People typically freak out about money during a divorce. The most painful part for many is budgeting. Your friend must get to know their finances—figure out what they typically spend on food, shelter, clothing, medical expenses, and entertainment. Homes, cars, and entertainment are usually where people overspend. They might have to consider moving or making some major lifestyle adjustments.
8. “Time for some tough love. I’m worried about the way you’re spending. Running up your credit card isn’t going to make life easier for you in the long run.”
Suggest that your friend starts paying for everyday expenses in cash to help them acclimate to their new budget and spend within their means. A cash allowance gives new perspective on impulse purchases and expensive dinners. Invite them to withdraw the same amount of cash every week to pay for groceries, gas, clothing, etc. When the cash is gone, they’re done spending. If there’s cash leftover, put it in a savings account.
9. “I bought you this book. My friend who went through a divorce said it was super helpful.”
Urge your friend to empower themselves by getting educated, reading books, studying the child support guidelines in their state, and becoming a short-term expert in divorce. This effort will serve them tenfold. By gaining a decent understanding of their rights and divorce norms, your friend will have an easier time negotiating a separation agreement. Using widely available tools like the child support and alimony calculators will also take some of the emotion out of the process; calculations are based on reported income and numbers speak for themselves. Need a good book to recommend? Click here.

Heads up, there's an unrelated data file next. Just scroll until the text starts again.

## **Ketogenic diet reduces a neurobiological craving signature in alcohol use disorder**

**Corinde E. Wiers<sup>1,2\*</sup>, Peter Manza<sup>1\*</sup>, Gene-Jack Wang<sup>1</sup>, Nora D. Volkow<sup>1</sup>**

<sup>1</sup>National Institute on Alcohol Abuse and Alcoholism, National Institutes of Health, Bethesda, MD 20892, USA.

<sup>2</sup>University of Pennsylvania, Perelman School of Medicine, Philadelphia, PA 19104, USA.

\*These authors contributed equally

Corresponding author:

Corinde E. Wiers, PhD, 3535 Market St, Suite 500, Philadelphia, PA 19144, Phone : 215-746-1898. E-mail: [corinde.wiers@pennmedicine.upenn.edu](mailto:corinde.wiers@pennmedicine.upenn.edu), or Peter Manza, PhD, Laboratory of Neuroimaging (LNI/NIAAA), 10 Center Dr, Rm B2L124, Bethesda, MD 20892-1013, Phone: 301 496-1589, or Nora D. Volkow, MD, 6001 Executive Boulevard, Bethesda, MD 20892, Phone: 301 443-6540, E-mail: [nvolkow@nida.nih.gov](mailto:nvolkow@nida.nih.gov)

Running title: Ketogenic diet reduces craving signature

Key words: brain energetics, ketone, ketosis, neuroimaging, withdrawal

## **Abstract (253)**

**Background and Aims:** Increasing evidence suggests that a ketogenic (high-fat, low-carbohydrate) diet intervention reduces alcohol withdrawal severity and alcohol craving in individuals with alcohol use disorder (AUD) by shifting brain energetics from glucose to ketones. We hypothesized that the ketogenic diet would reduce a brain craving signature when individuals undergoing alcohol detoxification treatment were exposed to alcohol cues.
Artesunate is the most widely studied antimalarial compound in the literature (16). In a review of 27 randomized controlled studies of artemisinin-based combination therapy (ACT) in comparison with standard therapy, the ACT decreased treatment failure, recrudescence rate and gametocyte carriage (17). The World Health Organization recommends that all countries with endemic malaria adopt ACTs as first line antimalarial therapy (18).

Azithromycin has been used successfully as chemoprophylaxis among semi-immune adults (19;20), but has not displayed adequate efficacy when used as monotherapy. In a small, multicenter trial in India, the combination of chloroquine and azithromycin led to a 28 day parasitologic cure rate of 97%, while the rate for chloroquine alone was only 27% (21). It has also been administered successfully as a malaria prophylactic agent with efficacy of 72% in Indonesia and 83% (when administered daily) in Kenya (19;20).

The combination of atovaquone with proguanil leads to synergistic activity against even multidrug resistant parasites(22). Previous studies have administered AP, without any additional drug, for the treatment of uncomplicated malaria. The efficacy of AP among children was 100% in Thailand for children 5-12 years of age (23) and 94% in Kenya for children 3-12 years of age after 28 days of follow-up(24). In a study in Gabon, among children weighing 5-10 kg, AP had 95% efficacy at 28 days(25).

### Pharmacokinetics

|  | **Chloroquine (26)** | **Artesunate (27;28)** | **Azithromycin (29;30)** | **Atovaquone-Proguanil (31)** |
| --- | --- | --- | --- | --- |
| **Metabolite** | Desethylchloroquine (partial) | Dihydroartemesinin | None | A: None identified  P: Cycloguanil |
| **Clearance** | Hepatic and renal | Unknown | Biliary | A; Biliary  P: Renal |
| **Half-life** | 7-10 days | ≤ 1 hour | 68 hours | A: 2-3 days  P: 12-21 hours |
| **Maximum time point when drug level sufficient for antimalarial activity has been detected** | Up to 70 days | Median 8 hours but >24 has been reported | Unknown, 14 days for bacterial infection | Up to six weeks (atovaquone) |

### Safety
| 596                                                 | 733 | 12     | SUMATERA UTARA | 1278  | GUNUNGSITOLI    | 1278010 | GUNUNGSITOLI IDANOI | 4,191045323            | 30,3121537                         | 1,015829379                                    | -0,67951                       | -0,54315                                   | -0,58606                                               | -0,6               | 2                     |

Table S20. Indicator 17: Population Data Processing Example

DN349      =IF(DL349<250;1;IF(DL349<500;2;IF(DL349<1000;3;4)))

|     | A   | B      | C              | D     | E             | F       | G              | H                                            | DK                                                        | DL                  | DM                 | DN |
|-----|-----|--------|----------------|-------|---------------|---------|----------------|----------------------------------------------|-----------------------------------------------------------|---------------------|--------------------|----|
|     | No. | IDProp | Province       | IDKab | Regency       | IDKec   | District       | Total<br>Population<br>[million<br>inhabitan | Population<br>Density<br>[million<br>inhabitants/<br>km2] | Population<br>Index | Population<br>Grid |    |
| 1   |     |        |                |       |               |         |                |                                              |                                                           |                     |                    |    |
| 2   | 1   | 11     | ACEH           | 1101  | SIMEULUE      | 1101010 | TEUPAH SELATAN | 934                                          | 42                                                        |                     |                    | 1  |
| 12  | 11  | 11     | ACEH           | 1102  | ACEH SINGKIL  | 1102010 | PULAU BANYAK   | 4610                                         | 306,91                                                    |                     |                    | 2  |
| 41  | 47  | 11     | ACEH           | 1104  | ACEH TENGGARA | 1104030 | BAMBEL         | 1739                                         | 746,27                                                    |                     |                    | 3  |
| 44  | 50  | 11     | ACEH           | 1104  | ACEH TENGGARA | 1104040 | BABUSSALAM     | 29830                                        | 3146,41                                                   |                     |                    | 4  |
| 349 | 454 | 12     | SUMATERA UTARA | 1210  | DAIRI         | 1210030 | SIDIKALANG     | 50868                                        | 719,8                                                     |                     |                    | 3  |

10. “You are such a strong advocate for the things you feel should be yours. Why not avoid some battles by letting go of some lower priority things?”
Invite your friend to be flexible. Not everything will go their way. They can be firm with those things they care deeply about, and be generous with things their spouse cares deeply about. For the things they both prioritize, they’ll have to collaborate for their own sanity, but especially for the sake of the kids. When couples feel entrenched in anger, focusing on what’s best for the kids can help them recalibrate.
11. “This anger and resentment is really weighing you down. Do you see a way through it? Have you ever considered forgiving your ex?”
Nothing takes up space in a person’s head like a grudge. Forgiveness, while by no means easy, is the only surefire way to “win” in a divorce. Your friend’s forgiveness benefits everyone—the ex, the kids, the in-laws, the friends… but most of all themselves. Through forgiveness, they create much needed headspace for moving forward, setting new goals, meeting new people, and feeling strong.
12. “Hey, what do you say we take a night off from thinking and talking about your crazy ex. Let’s go dancing or catch a movie. I’ll pay for the babysitter, you get the popcorn.”
A divorce is like ongoing trauma. It’s all-consuming and sometimes feels endless. Nudge your buddy out the door—no excuses. A change of scenery, a new experience, a good belly laugh—all necessary parts of finding cracks in the pain for healing to break through.
About the Author
Vanessa Linsey is a staff member and divorce & family mediator with MWI. She sees divorce as an opportunity for growth and transformation through reimagined relationships. She believes peaceful outcomes are possible no matter how complicated the situation.
Vanessa mediates a variety of cases for Massachusetts District, Municipal, and Probate and Family Courts, including: divorce, parenting plans, never-married parents, small claims, and harassment prevention orders. Vanessa is also a certified mindfulness teacher with a decade of experience teaching insight practices and mindful communication. In 2019, she published a prescriptive memoir on mindful parenting in a modern family.
Vanessa can be reached at 617-895-4027 and firstname.lastname@example.org. Contact her with questions about divorce mediation or a Massachusetts divorce.